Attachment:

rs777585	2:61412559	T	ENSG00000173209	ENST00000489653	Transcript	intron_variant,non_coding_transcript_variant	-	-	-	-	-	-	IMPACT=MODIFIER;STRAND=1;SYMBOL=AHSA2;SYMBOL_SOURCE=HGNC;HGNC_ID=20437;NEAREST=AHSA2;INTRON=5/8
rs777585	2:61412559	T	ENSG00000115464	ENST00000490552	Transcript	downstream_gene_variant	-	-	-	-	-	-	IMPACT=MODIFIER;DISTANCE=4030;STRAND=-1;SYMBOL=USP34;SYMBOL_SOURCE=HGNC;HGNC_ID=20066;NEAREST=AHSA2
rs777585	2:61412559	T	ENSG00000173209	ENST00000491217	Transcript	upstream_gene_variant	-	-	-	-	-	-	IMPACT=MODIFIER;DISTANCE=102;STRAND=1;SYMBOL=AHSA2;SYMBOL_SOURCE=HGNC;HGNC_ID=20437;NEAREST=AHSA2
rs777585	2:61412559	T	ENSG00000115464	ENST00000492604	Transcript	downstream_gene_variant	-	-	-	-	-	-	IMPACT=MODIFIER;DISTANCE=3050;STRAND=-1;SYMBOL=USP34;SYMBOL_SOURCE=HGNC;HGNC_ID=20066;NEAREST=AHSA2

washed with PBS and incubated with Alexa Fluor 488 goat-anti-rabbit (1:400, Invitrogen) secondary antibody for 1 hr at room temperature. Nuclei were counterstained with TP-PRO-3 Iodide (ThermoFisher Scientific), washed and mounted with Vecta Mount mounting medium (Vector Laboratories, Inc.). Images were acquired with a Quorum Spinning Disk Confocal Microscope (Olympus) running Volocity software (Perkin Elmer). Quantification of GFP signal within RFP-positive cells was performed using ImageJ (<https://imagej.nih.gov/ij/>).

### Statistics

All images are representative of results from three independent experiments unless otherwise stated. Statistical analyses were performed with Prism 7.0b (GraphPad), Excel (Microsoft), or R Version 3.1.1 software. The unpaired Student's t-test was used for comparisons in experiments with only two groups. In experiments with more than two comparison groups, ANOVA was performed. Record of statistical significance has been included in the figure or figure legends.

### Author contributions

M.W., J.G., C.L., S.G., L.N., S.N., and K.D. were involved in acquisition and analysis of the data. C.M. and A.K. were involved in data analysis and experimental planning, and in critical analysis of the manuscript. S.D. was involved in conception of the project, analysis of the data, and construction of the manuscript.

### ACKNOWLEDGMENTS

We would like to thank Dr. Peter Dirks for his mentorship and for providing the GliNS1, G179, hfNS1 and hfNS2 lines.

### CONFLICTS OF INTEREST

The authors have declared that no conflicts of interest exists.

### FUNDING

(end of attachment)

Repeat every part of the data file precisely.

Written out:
rs777585	2:61412559	T	ENSG00000173209	ENST00000489653	Transcript	intron_variant,non_coding_transcript_variant	-	-	-	-	-	-	IMPACT=MODIFIER;STRAND=1;SYMBOL=AHSA2;SYMBOL_SOURCE=HGNC;HGNC_ID=20437;NEAREST=AHSA2;INTRON=5/8
rs777585	2:61412559	T	ENSG00000115464	ENST00000490552	Transcript	downstream_gene_variant	-	-	-	-	-	-	IMPACT=MODIFIER;DISTANCE=4030;STRAND=-1;SYMBOL=USP34;SYMBOL_SOURCE=HGNC;HGNC_ID=20066;NEAREST=AHSA2
rs777585	2:61412559	T	ENSG00000173209	ENST00000491217	Transcript	upstream_gene_variant	-	-	-	-	-	-	IMPACT=MODIFIER;DISTANCE=102;STRAND=1;SYMBOL=AHSA2;SYMBOL_SOURCE=HGNC;HGNC_ID=20437;NEAREST=AHSA2
rs777585	2:61412559	T	ENSG00000115464	ENST00000492604	Transcript	downstream_gene_variant	-	-	-	-	-	-	IMPACT=MODIFIER;DISTANCE=3050;STRAND=-1;SYMBOL=USP34;SYMBOL_SOURCE=HGNC;HGNC_ID=20066;NEAREST=AHSA2

washed with PBS and incubated with Alexa Fluor 488 goat-anti-rabbit (1:400, Invitrogen) secondary antibody for 1 hr at room temperature. Nuclei were counterstained with TP-PRO-3 Iodide (ThermoFisher Scientific), washed and mounted with Vecta Mount mounting medium (Vector Laboratories, Inc.). Images were acquired with a Quorum Spinning Disk Confocal Microscope (Olympus) running Volocity software (Perkin Elmer). Quantification of GFP signal within RFP-positive cells was performed using ImageJ (<https://imagej.nih.gov/ij/>).

### Statistics

All images are representative of results from three independent experiments unless otherwise stated. Statistical analyses were performed with Prism 7.0b (GraphPad), Excel (Microsoft), or R Version 3.1.1 software. The unpaired Student's t-test was used for comparisons in experiments with only two groups. In experiments with more than two comparison groups, ANOVA was performed. Record of statistical significance has been included in the figure or figure legends.

### Author contributions

M.W., J.G., C.L., S.G., L.N., S.N., and K.D. were involved in acquisition and analysis of the data. C.M. and A.K. were involved in data analysis and experimental planning, and in critical analysis of the manuscript. S.D. was involved in conception of the project, analysis of the data, and construction of the manuscript.

### ACKNOWLEDGMENTS

We would like to thank Dr. Peter Dirks for his mentorship and for providing the GliNS1, G179, hfNS1 and hfNS2 lines.

### CONFLICTS OF INTEREST

The authors have declared that no conflicts of interest exists.

### FUNDING